Supporting Brazil and the World towards net zero
Developing the Brazilian voluntary carbon market
with high integrity
Our initiative has 5 workstreams focused on different parts of the carbon credits value chain
The Brazilian Initiative for the Voluntary Carbon Market is the result of a combination of companies and institutions from several sectors in Brazil – Amaggi, B3, Bayer, Dow, Equinor, Itaú, Natura, Rabobank, Systemica and Vale – with the goal of structuring key actions to develop the voluntary carbon market in Brazil and contribute to the global high-integrity carbon market. McKinsey & Company is the knowledge partner for the initiative
The initiative works on several fronts to position the country as the leader of a high-integrity global carbon market. Project objectives include broadening the offering through improved certification/verification processes, develop the financial instruments required to align demand and supply, define requirements for a high integrity market (technical, environmental and social), explore the main tax implications, design an independent governance body to coordinate the market and design the engagement strategy with the key stakeholders.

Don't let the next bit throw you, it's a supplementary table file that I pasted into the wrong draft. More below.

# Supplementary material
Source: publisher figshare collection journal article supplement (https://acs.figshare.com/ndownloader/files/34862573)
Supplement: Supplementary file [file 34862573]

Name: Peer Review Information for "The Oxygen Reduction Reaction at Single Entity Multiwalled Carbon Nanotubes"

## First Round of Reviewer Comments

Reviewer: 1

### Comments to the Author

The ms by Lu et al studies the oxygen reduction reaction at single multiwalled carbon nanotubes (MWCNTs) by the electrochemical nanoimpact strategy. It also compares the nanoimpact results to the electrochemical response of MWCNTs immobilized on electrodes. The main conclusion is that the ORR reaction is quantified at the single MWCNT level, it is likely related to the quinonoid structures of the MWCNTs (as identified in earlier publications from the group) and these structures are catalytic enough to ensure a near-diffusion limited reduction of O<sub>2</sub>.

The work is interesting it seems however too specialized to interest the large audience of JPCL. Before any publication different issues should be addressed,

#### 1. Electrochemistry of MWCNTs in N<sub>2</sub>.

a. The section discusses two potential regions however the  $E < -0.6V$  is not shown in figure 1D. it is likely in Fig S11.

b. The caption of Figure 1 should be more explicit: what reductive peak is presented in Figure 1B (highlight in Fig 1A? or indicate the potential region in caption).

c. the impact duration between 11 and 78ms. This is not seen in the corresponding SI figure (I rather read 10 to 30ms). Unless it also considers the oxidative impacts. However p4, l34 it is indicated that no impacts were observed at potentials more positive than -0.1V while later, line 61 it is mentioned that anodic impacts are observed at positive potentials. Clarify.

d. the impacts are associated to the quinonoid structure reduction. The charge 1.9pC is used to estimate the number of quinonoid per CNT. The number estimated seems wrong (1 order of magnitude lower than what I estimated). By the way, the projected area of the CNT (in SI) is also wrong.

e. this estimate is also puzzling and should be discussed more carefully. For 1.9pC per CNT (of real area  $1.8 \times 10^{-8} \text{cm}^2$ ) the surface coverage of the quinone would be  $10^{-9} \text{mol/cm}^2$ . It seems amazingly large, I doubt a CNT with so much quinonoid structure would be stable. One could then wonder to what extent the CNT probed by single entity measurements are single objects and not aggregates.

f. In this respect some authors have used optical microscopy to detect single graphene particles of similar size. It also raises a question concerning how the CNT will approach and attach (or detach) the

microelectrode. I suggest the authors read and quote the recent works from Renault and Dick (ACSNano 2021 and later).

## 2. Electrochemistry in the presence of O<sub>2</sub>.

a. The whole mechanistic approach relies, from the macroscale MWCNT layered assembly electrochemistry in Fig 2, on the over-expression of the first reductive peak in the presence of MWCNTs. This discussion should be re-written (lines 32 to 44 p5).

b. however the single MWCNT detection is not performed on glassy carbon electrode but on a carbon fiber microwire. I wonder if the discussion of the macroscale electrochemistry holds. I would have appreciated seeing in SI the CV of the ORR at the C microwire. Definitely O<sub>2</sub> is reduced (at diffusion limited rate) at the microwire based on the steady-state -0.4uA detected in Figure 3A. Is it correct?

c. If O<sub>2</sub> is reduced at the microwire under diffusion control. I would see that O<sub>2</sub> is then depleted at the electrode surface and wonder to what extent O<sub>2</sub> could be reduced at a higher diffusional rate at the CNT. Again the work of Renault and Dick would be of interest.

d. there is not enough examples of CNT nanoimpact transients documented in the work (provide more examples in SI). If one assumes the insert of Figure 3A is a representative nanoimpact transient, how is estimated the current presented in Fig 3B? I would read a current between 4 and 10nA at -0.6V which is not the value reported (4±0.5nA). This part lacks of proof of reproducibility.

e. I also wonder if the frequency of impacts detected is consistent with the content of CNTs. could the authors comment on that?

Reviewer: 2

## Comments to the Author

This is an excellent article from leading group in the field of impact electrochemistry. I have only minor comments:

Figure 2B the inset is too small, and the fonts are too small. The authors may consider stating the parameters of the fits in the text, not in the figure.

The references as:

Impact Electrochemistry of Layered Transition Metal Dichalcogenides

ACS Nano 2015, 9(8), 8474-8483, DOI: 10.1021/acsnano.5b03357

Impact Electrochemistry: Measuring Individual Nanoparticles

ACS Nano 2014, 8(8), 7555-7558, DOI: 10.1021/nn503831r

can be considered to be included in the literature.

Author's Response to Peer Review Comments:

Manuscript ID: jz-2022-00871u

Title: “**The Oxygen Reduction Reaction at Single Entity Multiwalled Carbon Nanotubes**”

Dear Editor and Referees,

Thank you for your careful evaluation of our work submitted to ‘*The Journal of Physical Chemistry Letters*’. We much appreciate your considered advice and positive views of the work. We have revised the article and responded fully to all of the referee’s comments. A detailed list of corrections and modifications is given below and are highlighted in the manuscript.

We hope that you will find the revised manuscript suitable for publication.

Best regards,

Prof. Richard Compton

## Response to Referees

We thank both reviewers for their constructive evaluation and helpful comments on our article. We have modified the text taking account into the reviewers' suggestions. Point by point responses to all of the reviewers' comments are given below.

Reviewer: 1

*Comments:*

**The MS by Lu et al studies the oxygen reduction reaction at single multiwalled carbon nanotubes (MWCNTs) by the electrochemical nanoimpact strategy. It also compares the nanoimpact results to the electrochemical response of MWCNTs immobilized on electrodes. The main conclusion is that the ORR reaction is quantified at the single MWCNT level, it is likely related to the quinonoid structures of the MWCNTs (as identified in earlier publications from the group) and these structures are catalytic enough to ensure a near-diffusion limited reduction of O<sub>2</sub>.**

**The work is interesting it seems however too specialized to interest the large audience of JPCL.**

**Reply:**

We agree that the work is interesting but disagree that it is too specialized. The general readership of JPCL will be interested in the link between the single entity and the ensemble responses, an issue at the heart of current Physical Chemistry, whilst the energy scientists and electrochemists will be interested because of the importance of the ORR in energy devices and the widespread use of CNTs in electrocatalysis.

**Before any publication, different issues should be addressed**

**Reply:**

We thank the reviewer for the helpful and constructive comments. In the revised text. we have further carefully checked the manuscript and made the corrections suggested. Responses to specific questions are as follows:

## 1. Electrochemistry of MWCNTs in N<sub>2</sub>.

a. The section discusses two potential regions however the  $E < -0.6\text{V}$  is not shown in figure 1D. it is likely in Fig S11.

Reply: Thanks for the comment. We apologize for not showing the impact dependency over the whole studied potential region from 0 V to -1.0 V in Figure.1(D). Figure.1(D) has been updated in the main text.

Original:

Enable supply through better certification / verification processes and support the regulatory discussions
Streamline the due diligence process and address key
Improve financing for voluntary carbon market projects by designing financing mechanisms with risk mitigators, and provide more fungibility and liquidity to the market by proposing standard contracts that reflect the Brazilian context
Design of an independent governance body to coordinate the market, ensuring the integrity of the organization and impartial decision-making by its members
Outline the engagement strategy with key stakeholders to define communication and to assure the correct media visibility of the Initiative
Who we are
Initiative sponsors and content contributors
Part of the Initiative that provides expertise, fact base and analysis
Which companies and entities are involved in the initiative?Amaggi, B3, Bayer, BNDES, Dow, Natura, Rabobank, Raízen, Vale and Votorantim (Cimentos, Auren and CBA), as well as McKinsey, which is the group’s knowledge partner.
How did the participating companies come together for this initiative?As the carbon markets discussions grew in Brazil and around the world, it became clear the potential to be unlocked in Brazil as a credible and relevant source of carbon credits. With that in mind, McKinsey proposed a workgroup with companies committed to the discussion. The companies and institutions joined forces and started conversations on this common theme in the beginning of July 2022, identifying the business opportunities for the country, as the bottlenecks that impede the advance of the theme as well, which will bring many business opportunities for Brazil and the environment.